The roof’s design also is about climate control. Its slight slope is meant to retain snow; avoiding damaging drifts piling up against the siding and windows while utilizing snow’s insulating properties. Adds Hammer, who is often bemused by the rookie snow-management mistakes in other Mazama houses, “If you have a couple of feet of snow on your roof, you’ve just added another 25 to 40 percent R-value [thermal resistance] to your roof assembly for free!” Not surprisingly, he also deftly exploited passive solar design. For example, during Mazama’s long, hot summers (often registering 100-degree days), the covered patio set on the north side (where the bedrooms also are located) enjoys the coolest and breeziest conditions; likewise, situating the entry on the south side practically eliminates that tiresome, time-consuming wintertime task of clearing the walk. Says a pleased Hammer, “The sun is able to heat that slab up and melt off the snow and keep it, for the most part, clear of snow and ice on its own rather than your having to be out there with a chisel.”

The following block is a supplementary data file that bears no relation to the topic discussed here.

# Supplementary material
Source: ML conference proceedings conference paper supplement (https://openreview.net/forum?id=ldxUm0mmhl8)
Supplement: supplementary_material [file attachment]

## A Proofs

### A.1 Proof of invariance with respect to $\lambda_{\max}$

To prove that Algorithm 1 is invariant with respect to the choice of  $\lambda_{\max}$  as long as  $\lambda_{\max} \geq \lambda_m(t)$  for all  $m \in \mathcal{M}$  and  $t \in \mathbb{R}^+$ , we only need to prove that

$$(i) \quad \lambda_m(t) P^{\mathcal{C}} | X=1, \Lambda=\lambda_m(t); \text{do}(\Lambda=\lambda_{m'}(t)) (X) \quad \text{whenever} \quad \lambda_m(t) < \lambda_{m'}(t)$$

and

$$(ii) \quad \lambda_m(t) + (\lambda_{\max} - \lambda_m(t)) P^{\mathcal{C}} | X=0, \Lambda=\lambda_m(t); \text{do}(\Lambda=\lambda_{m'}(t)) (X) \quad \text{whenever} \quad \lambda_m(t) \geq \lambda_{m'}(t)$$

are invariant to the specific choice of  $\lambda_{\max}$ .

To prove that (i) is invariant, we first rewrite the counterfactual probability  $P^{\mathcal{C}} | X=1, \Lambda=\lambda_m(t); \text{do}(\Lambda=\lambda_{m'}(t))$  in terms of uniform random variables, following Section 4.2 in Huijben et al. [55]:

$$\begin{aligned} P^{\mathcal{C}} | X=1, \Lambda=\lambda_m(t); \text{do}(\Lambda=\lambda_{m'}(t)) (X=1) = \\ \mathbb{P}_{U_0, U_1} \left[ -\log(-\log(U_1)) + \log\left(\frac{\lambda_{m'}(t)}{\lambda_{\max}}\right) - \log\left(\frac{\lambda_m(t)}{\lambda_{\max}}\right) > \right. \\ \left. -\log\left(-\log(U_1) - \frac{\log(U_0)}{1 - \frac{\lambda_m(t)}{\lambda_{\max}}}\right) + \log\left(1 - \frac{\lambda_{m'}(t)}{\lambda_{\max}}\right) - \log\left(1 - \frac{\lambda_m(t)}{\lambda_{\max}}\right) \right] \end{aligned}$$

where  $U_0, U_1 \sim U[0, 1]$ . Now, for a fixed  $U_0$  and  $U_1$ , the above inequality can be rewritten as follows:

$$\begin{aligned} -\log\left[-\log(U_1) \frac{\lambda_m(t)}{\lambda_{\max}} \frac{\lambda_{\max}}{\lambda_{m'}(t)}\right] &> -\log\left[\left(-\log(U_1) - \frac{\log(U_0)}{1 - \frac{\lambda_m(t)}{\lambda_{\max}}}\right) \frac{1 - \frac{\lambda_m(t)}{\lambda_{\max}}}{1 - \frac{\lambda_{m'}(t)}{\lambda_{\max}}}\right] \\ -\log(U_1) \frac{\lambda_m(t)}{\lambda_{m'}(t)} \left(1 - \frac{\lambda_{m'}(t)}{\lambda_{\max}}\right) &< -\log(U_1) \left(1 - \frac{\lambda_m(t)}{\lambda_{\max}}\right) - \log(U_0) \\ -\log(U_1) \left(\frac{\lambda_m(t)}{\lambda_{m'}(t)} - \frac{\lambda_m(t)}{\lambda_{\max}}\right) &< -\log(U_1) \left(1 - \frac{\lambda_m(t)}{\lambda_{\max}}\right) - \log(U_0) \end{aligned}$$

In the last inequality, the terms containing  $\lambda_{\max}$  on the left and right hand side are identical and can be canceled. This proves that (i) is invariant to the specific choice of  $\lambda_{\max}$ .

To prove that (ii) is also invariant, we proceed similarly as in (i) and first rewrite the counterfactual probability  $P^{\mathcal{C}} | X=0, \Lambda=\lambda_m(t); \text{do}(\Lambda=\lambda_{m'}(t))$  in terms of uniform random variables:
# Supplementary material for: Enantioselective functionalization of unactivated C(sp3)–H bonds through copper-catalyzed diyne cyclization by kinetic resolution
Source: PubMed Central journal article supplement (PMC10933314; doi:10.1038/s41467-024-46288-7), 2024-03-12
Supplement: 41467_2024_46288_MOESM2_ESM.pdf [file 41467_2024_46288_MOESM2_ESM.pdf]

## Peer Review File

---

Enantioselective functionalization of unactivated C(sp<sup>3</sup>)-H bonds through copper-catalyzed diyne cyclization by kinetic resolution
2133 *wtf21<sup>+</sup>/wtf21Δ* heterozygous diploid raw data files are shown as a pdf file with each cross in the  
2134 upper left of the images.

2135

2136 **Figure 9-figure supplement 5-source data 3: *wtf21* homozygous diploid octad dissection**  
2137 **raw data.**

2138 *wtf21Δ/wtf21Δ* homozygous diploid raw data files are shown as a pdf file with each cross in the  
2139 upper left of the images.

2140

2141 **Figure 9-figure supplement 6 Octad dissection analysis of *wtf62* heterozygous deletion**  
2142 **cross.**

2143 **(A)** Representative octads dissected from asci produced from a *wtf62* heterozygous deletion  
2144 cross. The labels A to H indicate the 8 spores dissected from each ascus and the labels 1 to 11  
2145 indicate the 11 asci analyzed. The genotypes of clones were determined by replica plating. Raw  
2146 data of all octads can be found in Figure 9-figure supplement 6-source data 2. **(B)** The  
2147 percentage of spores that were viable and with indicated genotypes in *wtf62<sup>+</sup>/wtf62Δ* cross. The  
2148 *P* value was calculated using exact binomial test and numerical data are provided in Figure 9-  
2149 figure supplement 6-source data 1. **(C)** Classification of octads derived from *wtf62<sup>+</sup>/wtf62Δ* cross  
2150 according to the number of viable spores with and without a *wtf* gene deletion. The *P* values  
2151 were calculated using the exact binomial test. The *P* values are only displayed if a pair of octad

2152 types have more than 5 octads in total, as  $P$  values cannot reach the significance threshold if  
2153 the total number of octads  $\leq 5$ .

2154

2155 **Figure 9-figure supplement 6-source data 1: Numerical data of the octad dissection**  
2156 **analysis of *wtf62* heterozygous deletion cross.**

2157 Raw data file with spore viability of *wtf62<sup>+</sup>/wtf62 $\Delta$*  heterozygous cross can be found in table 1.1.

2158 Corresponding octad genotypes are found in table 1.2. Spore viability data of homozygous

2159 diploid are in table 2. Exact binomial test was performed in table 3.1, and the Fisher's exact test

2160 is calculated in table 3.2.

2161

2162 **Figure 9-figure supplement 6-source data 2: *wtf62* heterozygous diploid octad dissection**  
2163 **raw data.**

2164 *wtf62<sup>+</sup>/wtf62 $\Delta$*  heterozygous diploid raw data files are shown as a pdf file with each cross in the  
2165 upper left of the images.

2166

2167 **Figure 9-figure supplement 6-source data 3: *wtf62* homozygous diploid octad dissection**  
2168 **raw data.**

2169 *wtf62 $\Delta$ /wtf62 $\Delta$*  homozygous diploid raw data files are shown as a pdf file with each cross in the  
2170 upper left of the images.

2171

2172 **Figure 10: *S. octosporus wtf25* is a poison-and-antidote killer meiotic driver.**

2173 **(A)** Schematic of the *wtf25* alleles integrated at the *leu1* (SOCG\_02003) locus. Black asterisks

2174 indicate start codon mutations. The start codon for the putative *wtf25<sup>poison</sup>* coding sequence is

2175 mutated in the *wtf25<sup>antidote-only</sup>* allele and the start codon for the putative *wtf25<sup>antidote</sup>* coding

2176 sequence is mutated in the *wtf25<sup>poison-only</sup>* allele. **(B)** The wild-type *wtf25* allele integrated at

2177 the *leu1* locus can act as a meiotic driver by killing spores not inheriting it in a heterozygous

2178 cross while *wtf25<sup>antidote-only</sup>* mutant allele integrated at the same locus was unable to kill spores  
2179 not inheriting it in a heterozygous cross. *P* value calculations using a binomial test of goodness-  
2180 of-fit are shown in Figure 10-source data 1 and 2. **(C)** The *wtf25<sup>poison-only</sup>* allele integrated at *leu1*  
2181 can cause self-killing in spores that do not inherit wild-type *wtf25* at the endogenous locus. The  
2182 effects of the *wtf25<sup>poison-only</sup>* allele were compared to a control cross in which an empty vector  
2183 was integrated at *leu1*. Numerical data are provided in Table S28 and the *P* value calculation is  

Ironically, the architect faced his biggest challenge indoors. Given their retreat’s rough-house vocation and drywall’s ding-prone nature, the owners banned its use altogether. After some headscratching, Hammer came up with a menu of interior materials possessing comic-bookesque durability. The walls are encased in Minerit panels (a fiber-cement product with integrated coloring usually reserved for exteriors). “You can throw a brick at it and you might make a scratch,” says Hammer. “And if you do if nick it, scrape it or ding it, it’s the same color inside as it is outside.” He sheathed the ceilings in another typically exterior product: tough composite-aluminum panels. (A happy accident of this application is that the reflective panels, which extend out to the veranda’s ceiling, beguilingly import snatches of outdoor scenery, from aspen greenery to glistening snow.) Finally, the kitchen’s back wall is lined with couldn’t-be-hardier hot-rolled (aka, blackened) steel panels. This material pick actually arose from Adam’s admiration for the functionality of Julia Child’s kitchen, specifically her famed kitchen pegboard featuring marker outlines to show where pots and skillets should be returned. “For years and years they’d been visiting vacation homes and, for the first four days, having to open every drawer and cupboard in the kitchen to find the pan or the spatula,” explains Hammer. “He wanted other people to be able to use this house and not to have to hunt for everything.”